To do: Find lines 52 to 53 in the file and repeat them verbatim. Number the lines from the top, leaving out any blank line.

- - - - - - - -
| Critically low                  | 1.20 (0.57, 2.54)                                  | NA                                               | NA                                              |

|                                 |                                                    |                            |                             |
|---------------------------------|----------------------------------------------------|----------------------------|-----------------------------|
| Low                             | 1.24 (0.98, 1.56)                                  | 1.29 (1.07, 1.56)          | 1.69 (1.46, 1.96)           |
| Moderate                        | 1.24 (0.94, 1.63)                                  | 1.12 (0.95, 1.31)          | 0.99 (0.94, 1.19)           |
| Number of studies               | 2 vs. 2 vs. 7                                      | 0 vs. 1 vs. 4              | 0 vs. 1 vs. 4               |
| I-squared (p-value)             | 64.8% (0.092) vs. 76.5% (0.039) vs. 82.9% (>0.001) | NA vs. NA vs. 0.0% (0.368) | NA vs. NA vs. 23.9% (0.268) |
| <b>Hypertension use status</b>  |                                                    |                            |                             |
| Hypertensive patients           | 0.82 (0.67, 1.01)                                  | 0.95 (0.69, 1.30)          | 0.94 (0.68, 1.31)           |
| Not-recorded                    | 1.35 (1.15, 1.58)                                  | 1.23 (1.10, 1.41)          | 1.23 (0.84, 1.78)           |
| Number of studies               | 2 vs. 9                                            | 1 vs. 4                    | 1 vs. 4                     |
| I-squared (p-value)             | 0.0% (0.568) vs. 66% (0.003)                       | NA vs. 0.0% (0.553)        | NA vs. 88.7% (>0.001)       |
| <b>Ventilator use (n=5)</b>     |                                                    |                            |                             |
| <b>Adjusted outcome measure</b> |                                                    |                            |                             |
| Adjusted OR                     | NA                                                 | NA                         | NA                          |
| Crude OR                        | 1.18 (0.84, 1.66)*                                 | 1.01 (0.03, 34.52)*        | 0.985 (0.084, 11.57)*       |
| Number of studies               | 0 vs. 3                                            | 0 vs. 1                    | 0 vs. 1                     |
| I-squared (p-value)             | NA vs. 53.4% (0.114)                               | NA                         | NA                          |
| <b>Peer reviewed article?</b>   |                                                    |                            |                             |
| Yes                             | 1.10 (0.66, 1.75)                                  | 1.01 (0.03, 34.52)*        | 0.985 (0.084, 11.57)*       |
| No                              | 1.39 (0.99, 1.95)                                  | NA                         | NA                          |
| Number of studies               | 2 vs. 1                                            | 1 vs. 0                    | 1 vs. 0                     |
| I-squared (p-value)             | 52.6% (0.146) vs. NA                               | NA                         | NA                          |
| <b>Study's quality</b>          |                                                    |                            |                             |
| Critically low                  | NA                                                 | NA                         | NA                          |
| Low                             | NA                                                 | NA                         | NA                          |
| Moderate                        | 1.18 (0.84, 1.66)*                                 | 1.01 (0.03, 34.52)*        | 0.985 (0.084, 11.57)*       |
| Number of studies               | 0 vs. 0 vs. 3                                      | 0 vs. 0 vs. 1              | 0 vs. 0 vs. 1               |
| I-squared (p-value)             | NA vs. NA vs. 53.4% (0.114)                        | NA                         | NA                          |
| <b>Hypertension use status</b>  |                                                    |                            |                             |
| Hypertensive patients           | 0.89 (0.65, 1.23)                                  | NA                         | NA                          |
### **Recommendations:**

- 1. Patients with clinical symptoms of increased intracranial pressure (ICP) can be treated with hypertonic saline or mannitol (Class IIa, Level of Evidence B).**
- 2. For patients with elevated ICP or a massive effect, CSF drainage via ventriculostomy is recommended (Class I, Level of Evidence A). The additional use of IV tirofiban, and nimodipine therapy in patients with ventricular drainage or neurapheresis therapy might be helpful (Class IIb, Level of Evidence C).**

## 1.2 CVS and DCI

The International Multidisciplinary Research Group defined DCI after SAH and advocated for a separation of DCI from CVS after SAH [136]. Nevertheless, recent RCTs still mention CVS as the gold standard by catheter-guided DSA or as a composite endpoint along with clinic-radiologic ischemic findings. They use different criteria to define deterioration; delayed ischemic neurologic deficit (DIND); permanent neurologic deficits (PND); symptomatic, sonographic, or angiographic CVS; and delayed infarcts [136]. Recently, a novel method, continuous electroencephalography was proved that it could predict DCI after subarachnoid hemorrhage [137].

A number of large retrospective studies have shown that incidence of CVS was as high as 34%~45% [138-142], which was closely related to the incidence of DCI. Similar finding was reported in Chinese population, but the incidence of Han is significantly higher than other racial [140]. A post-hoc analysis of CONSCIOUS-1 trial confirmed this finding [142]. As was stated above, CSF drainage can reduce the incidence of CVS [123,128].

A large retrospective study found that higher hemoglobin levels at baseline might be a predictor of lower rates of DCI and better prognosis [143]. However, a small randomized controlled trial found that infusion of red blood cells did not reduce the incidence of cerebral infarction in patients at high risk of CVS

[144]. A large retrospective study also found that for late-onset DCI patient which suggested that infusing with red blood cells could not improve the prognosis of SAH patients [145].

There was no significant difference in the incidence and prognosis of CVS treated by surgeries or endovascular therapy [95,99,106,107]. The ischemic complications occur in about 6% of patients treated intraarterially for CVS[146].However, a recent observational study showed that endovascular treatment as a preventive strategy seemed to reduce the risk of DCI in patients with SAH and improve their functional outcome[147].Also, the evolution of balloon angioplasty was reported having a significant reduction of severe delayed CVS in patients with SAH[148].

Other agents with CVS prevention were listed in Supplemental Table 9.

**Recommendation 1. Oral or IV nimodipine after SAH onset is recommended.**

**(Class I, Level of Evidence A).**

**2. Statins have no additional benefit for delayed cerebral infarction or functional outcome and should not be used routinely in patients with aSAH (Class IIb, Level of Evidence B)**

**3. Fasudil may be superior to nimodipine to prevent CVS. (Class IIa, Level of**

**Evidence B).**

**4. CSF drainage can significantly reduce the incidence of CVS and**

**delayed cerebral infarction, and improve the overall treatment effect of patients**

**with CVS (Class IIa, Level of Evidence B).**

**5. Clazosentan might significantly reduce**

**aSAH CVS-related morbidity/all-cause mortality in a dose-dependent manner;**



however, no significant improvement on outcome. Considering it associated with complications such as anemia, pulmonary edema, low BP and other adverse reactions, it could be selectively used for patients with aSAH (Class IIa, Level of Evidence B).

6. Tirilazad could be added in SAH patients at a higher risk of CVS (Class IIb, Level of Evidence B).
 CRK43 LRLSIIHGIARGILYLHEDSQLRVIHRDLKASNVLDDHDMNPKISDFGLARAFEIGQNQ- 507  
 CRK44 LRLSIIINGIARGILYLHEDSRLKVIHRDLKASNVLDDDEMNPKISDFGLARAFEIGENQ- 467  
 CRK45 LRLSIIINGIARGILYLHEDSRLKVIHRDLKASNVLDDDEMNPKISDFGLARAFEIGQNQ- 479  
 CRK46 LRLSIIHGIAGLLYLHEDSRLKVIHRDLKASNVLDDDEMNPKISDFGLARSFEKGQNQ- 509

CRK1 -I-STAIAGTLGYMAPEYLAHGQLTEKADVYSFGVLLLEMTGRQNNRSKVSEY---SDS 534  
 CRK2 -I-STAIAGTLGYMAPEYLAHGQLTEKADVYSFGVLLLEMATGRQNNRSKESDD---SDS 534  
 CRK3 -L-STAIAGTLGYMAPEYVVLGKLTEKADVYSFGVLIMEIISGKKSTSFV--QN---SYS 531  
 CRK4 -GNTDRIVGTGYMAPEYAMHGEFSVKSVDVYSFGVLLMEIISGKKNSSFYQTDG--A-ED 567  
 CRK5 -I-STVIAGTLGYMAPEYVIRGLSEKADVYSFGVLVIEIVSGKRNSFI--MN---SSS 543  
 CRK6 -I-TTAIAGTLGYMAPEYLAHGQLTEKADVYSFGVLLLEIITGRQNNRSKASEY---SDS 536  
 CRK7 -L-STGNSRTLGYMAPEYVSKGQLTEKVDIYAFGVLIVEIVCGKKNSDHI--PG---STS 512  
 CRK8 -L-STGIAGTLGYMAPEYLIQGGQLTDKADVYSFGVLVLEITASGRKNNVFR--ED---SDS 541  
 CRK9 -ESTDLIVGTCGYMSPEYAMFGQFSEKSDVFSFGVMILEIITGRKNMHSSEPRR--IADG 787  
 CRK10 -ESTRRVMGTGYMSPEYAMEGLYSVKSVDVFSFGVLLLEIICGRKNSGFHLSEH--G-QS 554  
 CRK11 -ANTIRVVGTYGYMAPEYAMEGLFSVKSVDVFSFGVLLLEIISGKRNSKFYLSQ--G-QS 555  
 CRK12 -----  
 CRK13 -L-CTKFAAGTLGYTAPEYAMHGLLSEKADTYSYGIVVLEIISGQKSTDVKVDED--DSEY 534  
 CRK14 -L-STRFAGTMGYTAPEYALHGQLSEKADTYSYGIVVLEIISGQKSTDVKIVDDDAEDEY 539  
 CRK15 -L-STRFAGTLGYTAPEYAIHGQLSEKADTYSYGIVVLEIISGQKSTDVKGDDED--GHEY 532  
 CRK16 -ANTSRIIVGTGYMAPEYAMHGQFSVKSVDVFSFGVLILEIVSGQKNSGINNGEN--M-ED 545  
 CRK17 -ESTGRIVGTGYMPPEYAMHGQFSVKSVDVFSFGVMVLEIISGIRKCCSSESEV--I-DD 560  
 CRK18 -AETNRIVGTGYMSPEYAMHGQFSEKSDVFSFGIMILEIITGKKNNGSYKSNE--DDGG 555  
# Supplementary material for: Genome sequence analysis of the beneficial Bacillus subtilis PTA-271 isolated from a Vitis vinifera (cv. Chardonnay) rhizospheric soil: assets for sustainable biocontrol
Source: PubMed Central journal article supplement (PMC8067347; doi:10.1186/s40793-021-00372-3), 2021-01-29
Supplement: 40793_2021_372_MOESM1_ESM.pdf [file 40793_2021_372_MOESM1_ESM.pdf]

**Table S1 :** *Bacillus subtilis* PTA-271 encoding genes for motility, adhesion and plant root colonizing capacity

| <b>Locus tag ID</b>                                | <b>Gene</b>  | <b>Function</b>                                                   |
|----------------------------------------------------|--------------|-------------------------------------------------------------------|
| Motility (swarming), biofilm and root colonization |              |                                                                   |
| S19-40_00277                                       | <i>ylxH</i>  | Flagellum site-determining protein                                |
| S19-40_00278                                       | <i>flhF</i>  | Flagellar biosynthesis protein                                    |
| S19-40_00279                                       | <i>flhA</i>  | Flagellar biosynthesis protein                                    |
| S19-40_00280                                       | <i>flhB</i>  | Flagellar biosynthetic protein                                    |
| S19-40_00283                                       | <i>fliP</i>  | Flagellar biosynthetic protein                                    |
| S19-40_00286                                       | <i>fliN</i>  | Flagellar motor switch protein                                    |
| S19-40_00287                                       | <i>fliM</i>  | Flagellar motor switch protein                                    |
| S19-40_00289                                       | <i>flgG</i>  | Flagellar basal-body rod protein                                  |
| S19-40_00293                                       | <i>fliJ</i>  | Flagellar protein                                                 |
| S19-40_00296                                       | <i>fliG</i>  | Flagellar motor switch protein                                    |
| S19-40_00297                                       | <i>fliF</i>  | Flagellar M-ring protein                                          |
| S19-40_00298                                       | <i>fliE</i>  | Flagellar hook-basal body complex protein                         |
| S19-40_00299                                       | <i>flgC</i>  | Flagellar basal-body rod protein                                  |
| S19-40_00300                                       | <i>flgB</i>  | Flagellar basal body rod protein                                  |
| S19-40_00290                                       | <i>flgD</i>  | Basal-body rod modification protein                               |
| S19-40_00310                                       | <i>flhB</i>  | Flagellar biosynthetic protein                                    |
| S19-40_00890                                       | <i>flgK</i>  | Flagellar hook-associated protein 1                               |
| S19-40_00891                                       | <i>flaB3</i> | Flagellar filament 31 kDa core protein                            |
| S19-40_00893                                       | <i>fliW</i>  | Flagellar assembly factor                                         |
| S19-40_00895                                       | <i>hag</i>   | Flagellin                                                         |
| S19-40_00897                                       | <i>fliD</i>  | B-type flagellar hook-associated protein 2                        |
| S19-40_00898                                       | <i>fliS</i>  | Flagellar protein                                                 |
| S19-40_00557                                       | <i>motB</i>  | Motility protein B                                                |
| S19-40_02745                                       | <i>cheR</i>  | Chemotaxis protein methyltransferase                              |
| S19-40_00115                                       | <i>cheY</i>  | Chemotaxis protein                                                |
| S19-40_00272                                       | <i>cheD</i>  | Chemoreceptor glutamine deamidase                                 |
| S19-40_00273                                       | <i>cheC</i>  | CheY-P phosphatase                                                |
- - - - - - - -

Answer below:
however, no significant improvement on outcome. Considering it associated with complications such as anemia, pulmonary edema, low BP and other adverse reactions, it could be selectively used for patients with aSAH (Class IIa, Level of Evidence B).

6. Tirilazad could be added in SAH patients at a higher risk of CVS (Class IIb, Level of Evidence B).